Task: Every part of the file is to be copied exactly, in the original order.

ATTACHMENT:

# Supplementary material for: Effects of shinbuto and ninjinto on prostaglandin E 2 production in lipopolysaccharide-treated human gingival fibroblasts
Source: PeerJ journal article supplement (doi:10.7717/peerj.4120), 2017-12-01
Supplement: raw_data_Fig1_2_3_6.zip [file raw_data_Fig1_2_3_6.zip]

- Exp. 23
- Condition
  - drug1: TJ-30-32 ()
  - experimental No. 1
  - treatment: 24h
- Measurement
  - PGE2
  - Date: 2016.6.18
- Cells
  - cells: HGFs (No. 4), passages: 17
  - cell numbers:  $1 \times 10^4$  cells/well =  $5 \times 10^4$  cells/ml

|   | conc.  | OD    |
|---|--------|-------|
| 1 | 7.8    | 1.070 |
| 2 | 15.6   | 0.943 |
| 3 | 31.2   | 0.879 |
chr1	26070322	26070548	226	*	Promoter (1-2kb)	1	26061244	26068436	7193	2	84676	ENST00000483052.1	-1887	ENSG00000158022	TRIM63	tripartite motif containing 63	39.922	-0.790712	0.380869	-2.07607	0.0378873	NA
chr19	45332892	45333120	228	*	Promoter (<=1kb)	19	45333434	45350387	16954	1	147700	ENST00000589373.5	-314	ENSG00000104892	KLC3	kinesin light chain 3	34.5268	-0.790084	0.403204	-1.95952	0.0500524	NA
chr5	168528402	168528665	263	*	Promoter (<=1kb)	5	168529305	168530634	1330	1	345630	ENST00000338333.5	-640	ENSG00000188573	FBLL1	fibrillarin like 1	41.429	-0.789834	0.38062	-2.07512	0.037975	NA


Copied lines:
# Supplementary material for: Effects of shinbuto and ninjinto on prostaglandin E 2 production in lipopolysaccharide-treated human gingival fibroblasts
Source: PeerJ journal article supplement (doi:10.7717/peerj.4120), 2017-12-01
Supplement: raw_data_Fig1_2_3_6.zip [file raw_data_Fig1_2_3_6.zip]

- Exp. 23
- Condition
  - drug1: TJ-30-32 ()
  - experimental No. 1
  - treatment: 24h
- Measurement
  - PGE2
  - Date: 2016.6.18
- Cells
  - cells: HGFs (No. 4), passages: 17
  - cell numbers:  $1 \times 10^4$  cells/well =  $5 \times 10^4$  cells/ml

|   | conc.  | OD    |
|---|--------|-------|
| 1 | 7.8    | 1.070 |
| 2 | 15.6   | 0.943 |
| 3 | 31.2   | 0.879 |
chr1	26070322	26070548	226	*	Promoter (1-2kb)	1	26061244	26068436	7193	2	84676	ENST00000483052.1	-1887	ENSG00000158022	TRIM63	tripartite motif containing 63	39.922	-0.790712	0.380869	-2.07607	0.0378873	NA
chr19	45332892	45333120	228	*	Promoter (<=1kb)	19	45333434	45350387	16954	1	147700	ENST00000589373.5	-314	ENSG00000104892	KLC3	kinesin light chain 3	34.5268	-0.790084	0.403204	-1.95952	0.0500524	NA
chr5	168528402	168528665	263	*	Promoter (<=1kb)	5	168529305	168530634	1330	1	345630	ENST00000338333.5	-640	ENSG00000188573	FBLL1	fibrillarin like 1	41.429	-0.789834	0.38062	-2.07512	0.037975	NA